Nella Coiro

Resilience and Equanimity

Do you ever wonder why some people seem to handle adversity better than others? Given the same circumstances, why do some give up, while others stand and fight, overcome the challenge at hand, and emerge stronger?

In this blog, I would like to talk about how we react when we’re presented with challenges, and ways that we can cultivate resilience. Below, I want to share some insights that I’ve learned over the years which have helped me. 

Learning Lessons  

Every difficulty or challenge is accompanied by a learning opportunity. In the midst of adversity, even though it can be difficult, we need to step back and ask ourselves: “What’s the lesson here? What am I supposed to learn?”

Although it’s not always easy, I order to rise above fear, we need to keep our focus on the learning opportunity rather than the obstacle at hand. One of the most important truths that I learned is that if we don’t learn the lesson the first time, it will just keep repeating itself, with greater intensity, until we do so. The situations might be different, but the core lesson to be learned will be the same.


We can live without water for 2-3 days, without food for about 4 to 6  weeks, but I don’t think that we can survive very long without hope. There isn’t any motivation to forge forward if the only thing that we see is never-ending darkness. On the other hand, if we have a strong sense of hope – the belief that “this too shall pass”, we can survive just about anything. 

Perspective is powerful. Although we don’t always have control over our circumstances, we have complete control over our thoughts, and how we choose to perceive our situation. With some work, we have the capacity to re-train our minds, shift our focus, and redirect our thinking. 


When I use prayer and meditation to connect with God/the Higher Power, I am given the strength to deal with each and every obstacle which crosses my path. Each morning, I thank God for today, and ask him to help me to live my best life in these twenty four hours. 


In the ”big book” of 12-step recovery groups, accepting that which cannot be changed, is an important tenet. An excerpt reads: “… acceptance is the answer to all my problems today. When I am disturbed, it is because I find some person, place, thing or situation – some fact of my life – unacceptable to me, and I can find no serenity until I accept that person, place, thing or situation as being exactly the way it is supposed to be at this moment. Nothing, absolutely nothing happens in God's world by mistake… I need to concentrate not so much on what needs to be changed in the world as on what needs to be changed in me and in my attitudes."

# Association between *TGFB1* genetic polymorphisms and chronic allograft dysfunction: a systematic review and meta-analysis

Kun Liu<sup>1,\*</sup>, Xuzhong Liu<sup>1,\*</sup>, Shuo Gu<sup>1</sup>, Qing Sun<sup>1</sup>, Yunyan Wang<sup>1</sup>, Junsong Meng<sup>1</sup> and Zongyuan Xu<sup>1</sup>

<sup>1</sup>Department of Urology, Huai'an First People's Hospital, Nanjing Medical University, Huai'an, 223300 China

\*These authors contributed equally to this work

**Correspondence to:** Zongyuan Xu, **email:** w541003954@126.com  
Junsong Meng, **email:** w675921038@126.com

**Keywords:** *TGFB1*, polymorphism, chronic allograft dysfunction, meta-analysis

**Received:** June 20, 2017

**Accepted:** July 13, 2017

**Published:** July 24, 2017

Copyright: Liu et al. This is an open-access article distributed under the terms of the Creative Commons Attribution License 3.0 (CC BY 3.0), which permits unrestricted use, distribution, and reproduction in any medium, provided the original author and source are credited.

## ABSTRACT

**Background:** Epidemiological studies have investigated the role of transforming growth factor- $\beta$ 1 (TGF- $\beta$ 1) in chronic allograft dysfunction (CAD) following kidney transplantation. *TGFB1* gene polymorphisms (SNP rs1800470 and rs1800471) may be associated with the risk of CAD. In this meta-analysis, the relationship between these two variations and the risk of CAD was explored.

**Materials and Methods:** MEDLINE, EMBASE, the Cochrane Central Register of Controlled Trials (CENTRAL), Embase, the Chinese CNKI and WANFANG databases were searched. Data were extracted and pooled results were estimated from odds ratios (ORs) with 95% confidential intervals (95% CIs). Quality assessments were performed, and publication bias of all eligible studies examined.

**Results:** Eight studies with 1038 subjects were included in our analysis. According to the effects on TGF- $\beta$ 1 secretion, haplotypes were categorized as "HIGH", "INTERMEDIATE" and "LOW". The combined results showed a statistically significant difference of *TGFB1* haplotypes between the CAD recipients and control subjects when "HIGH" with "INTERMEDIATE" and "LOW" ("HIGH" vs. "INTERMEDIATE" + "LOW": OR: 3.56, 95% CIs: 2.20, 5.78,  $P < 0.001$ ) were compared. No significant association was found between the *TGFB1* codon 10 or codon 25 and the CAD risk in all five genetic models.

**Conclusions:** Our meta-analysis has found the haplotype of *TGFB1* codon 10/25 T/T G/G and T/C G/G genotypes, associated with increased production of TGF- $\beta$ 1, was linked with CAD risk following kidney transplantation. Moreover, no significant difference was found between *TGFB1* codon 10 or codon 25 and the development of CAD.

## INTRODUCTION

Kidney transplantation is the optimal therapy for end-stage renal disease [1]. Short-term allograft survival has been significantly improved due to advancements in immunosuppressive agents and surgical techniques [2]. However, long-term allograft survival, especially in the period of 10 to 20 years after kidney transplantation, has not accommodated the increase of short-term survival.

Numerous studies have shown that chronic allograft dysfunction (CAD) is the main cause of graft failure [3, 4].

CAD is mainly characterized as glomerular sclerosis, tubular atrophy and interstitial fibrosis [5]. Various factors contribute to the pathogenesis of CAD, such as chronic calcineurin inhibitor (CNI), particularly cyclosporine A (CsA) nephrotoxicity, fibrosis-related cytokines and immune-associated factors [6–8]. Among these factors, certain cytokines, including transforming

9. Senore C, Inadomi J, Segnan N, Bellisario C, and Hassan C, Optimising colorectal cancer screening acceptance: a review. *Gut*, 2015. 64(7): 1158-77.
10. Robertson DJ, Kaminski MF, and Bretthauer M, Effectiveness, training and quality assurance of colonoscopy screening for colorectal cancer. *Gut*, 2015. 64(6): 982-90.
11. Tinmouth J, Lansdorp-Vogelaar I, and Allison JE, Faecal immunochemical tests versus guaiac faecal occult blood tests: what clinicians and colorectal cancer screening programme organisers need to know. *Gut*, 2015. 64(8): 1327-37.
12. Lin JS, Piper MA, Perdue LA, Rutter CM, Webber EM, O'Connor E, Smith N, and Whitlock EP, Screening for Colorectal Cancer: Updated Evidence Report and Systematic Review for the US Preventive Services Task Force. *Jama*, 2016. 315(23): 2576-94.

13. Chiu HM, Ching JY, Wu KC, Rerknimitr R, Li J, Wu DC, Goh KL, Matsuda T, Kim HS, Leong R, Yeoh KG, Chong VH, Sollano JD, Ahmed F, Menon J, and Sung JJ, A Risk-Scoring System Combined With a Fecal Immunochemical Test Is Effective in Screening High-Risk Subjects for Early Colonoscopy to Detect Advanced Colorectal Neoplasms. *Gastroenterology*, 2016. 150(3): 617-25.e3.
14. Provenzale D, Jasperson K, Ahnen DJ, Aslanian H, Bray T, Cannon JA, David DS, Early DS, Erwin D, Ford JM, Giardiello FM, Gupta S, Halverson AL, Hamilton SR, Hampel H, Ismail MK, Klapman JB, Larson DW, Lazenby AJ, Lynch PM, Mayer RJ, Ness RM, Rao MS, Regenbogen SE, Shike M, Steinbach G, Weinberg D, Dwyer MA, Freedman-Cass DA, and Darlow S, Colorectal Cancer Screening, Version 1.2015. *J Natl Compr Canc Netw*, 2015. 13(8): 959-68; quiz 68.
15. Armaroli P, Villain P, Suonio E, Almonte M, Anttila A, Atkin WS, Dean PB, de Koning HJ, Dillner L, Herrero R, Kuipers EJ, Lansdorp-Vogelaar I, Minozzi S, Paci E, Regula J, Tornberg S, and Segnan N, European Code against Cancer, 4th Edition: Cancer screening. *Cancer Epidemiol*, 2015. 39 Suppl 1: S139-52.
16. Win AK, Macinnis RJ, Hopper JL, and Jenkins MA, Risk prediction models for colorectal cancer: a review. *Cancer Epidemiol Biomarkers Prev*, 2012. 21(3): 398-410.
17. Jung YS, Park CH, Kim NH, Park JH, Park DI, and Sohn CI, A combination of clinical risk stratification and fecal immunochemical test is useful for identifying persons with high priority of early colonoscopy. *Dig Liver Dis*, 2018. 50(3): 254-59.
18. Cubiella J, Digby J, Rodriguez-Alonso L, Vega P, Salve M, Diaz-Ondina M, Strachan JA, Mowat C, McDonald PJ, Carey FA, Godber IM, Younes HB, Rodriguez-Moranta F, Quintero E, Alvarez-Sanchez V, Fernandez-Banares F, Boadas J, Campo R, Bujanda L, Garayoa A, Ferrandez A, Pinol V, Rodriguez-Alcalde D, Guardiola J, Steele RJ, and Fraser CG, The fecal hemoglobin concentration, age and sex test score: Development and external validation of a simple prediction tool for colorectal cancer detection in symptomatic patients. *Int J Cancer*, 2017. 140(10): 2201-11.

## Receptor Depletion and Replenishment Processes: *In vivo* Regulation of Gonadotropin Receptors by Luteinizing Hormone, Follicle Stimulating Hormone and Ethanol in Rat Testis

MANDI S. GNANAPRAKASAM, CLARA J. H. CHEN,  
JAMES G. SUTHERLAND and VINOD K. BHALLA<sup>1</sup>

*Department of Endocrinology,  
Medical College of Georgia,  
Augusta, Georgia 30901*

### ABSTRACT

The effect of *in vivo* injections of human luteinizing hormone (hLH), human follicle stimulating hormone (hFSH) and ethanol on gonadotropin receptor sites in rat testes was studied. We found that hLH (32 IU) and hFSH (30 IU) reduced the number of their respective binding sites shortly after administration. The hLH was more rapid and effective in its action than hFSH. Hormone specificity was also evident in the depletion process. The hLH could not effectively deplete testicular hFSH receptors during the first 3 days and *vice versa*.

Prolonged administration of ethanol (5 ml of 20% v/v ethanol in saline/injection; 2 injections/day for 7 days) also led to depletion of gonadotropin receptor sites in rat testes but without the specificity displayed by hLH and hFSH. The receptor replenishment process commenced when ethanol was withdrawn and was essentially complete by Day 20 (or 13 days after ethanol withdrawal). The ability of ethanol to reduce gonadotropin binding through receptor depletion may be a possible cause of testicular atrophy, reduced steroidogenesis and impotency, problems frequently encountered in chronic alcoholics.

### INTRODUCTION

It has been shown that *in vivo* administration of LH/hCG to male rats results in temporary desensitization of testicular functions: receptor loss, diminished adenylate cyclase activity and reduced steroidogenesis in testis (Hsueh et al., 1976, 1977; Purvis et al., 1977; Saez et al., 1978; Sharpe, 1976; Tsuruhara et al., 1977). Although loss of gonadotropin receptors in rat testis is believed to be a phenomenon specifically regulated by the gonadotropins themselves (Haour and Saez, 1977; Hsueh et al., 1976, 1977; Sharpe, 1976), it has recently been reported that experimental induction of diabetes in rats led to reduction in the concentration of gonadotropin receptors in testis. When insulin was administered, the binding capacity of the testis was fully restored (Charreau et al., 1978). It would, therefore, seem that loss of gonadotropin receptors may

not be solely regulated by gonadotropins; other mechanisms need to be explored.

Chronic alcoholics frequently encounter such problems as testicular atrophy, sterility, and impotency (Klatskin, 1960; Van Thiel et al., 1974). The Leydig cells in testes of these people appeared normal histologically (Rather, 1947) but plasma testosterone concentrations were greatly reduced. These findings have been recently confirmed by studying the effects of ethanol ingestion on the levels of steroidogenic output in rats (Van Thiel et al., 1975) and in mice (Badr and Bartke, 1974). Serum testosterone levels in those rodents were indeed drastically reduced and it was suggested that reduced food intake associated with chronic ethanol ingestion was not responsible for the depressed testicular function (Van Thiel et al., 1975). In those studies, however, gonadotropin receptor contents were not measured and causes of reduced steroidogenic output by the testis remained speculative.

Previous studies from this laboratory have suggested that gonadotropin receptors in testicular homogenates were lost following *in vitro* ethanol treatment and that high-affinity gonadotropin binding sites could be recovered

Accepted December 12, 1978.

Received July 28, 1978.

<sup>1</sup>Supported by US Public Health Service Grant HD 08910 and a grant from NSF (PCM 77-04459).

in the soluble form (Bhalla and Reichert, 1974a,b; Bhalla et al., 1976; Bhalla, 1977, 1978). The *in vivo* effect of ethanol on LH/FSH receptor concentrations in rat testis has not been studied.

This is similar to the Serenity Prayer which says: “ God, grant me the serenity to accept the things that I cannot change, the courage to change things I can, and the wisdom to know the difference.”

Impermanence  (Everything Changes)

The Buddhists believe that all of our suffering is caused by our desire to cling to things in our physical world. Since everyone and everything is impermanent, we suffer when we lose that which we desperately cling go. This makes sense.

My father-in-law was a serene person. He did not react to the drama and disruption created by others. He went with the flow f life, and he lived in a state of peace. So, it’s not surprising that his favorite mantra was: “This too shall pass.” To this day, his influence and these words still help me through every difficult moment in my life. Everything changes. More importantly, every trauma passes. 

Equanimity and Grace

Regardless of what happens to us in life, we always have the power to control our reactions. Holocaust survivor Viktor Frankl says that everything can be taken away from them except the last of the human freedoms – the freedom to choose our attitude and how we respond to any situation.

Closing Thoughts 

I’m a big fan of Maya Angelou, and I particularly love her poem “Still, I Rise” because I believe that it eloquently expresses the essence of resilience. When I encounter personal obstacles, I repeat these words cited below, and they always strengthen my heart and lift up my spirit:

“Just like moons and like suns,
With the certainty of tides,
Just like hopes springing high,
Still I'll rise.

Leaving behind nights of terror and fear
I rise

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